Thursday, October 8, 2015

Pennsylvania Indicts Workers’ Compensation Fraudster

What happens if someone tries to cheat or lie on their worker’s compensation claim?

When claimants take advantage of the workers’ compensation system, it becomes more difficult for valid claimants to benefit from a system set up to help those who are truly injured and in need of financial assistance.

Under Pennsylvania law, workers’ compensation fraud is a crime. In addition, this sort of misconduct is also punishable under federal fraud laws – as is the case in a recent indictment entered against a Chambersburg-area man accused of bilking funds from the Federal Employees Compensation Act (FECA) program, which assists federal workers injured on the job.

According to media reports, the defendant was charged with five separate counts of workers’ compensation fraud. The counts in total amounted to over $143,000 in payouts over the years, which is money that could have been used by claimants with legitimate workplace injury claims.

Allegedly, the defendant applied for benefits in 2011 after suffering an injury while working with the Army Corps of Engineers. He continued to apply for, and receive, benefits for several years thereafter based on his assertion he was too injured to return to his job. However, as an investigation ultimately revealed, the claimant was working the entire time for a catering company known as “CM Pig Out,” and collecting benefits on top of his regular wages.

The case was investigated by the U.S. Department of Labor’s Office of Inspector General’s Office of Labor Racketeering and Fraud Investigations, which is responsible for mitigating this type of issue.

Under Pennsylvania law, anyone with suspicions of workers’ compensation fraud is encouraged to report the information directly to the Office of Attorney General. Workers’ compensation fraud can occur on the part of the claimant or employer, with cases against the latter often involving misclassification of employees to avoid having to make payouts.

If you are experiencing difficulty with your workers’ compensation claim and would like to speak to a reputable attorney, please do not hesitate to contact Louis P. Lombardi, II & Associates today: 610.239.7600 or 888.818.4343.


Sunday, September 27, 2015

How to Appeal an Unfair Ruling Concerning Workers’ Compensation Benefits

I received a rejection of my claim for workers’ compensation benefits. What can I do?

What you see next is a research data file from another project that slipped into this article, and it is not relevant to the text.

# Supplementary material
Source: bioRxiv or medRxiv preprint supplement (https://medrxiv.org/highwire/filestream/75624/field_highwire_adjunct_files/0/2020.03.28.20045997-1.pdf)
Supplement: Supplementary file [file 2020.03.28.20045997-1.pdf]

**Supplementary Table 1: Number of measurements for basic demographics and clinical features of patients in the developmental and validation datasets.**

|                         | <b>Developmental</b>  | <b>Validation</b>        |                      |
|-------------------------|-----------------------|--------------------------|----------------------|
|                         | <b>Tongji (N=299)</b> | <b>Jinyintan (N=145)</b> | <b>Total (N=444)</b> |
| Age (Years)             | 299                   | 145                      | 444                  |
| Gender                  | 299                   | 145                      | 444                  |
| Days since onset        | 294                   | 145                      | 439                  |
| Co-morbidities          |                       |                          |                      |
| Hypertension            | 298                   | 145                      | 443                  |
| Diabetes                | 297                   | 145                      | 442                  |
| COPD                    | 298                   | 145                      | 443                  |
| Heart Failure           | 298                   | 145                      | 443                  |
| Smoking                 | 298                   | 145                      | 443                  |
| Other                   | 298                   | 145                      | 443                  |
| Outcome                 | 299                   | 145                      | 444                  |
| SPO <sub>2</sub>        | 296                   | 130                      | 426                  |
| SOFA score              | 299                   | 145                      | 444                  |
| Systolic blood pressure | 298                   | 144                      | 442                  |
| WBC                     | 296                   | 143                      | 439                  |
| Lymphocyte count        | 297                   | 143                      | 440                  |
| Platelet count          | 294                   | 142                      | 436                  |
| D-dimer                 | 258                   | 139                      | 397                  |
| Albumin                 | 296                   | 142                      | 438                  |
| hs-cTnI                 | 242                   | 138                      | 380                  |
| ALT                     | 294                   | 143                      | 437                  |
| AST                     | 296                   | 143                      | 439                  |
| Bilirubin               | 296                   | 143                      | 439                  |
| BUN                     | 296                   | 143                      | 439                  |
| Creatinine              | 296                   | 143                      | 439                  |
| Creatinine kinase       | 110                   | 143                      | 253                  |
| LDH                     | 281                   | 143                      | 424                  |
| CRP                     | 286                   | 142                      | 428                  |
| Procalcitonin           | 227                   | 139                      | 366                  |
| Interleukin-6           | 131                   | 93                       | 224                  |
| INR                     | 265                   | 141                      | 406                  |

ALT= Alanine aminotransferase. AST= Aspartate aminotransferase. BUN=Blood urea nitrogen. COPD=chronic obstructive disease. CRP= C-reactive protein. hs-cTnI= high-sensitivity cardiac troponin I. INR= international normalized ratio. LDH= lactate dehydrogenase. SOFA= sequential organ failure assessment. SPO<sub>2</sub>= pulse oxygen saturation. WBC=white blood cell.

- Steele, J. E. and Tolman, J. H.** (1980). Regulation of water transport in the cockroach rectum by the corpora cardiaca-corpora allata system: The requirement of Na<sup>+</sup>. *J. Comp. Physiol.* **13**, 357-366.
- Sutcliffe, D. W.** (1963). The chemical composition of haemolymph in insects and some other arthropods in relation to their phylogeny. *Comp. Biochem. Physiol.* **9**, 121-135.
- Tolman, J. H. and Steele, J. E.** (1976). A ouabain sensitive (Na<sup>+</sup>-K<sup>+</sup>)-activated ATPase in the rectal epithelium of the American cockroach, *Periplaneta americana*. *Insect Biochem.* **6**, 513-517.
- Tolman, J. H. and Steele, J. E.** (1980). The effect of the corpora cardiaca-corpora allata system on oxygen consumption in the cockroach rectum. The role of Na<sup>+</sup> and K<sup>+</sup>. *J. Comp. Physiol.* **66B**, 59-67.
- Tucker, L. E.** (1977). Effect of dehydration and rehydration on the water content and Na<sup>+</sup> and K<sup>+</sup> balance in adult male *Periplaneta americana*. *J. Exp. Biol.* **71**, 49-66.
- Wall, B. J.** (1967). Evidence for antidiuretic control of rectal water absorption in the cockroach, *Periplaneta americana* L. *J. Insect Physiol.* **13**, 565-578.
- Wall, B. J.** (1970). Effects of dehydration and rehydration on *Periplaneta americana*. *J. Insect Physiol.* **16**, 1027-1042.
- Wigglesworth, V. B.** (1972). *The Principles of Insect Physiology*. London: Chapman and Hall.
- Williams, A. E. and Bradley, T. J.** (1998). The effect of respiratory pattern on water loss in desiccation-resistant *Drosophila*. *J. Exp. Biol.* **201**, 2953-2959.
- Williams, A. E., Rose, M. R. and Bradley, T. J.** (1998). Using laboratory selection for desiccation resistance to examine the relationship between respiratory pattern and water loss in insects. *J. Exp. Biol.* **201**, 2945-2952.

Navigating the workers’ compensation process in Pennsylvania can be difficult, particularly for those who are enduring the after-effects of a severe workplace injury. If a claim is initially denied, the applicant has the option of launching an immediate appeal with the PA Workers’ Compensation Appeal Board. This quasi-judicial administrative group is responsible for reviewing the decisions made by workers’ compensation referees – and can only overturn their decisions in limited circumstances.

If you receive a negative decision from the workers’ compensation referee, it is imperative to launch your appeal as quickly as possible. Under the current rules and regulations, appellants have just 20 days from the circulation date listed on the judge’s order to send in the  paperwork necessary for an appeal. The time limit begins on the date stamped on the judge’s order, and the appeal is deemed “submitted” based on the postmark date on the envelope. If the postmark is more than 20 days from the judge’s order, the appeal will be considered waived.

To launch an appeal, an appellant must state the particular grounds of appeal, that is, precisely what is being questioned about the judge's decision. The statement must address both factual and legal reasons for the original decision to be considered in error; "general allegations are insufficient.”

In addition to the actual appeal, additional documentation is required to ensure that the paperwork is complete. The appealing party, for instance, is required to ensure that all parties listed on the circulation sheet of the judge’s order are provided with notice of the appeal. In addition, the appealing party must arrange for mailing of the original appeal plus two copies to the Board.

If you are dealing with a rejection of workers' compensation benefits, don’t delay. For skilled assistance with an appeal, contact one of our knowledgeable attorneys at Louis P. Lombardi, II & Associates. Serving clients throughout the Philadelphia metropolitan area, we can be reached at 610.239.7600 or 888.818.4343.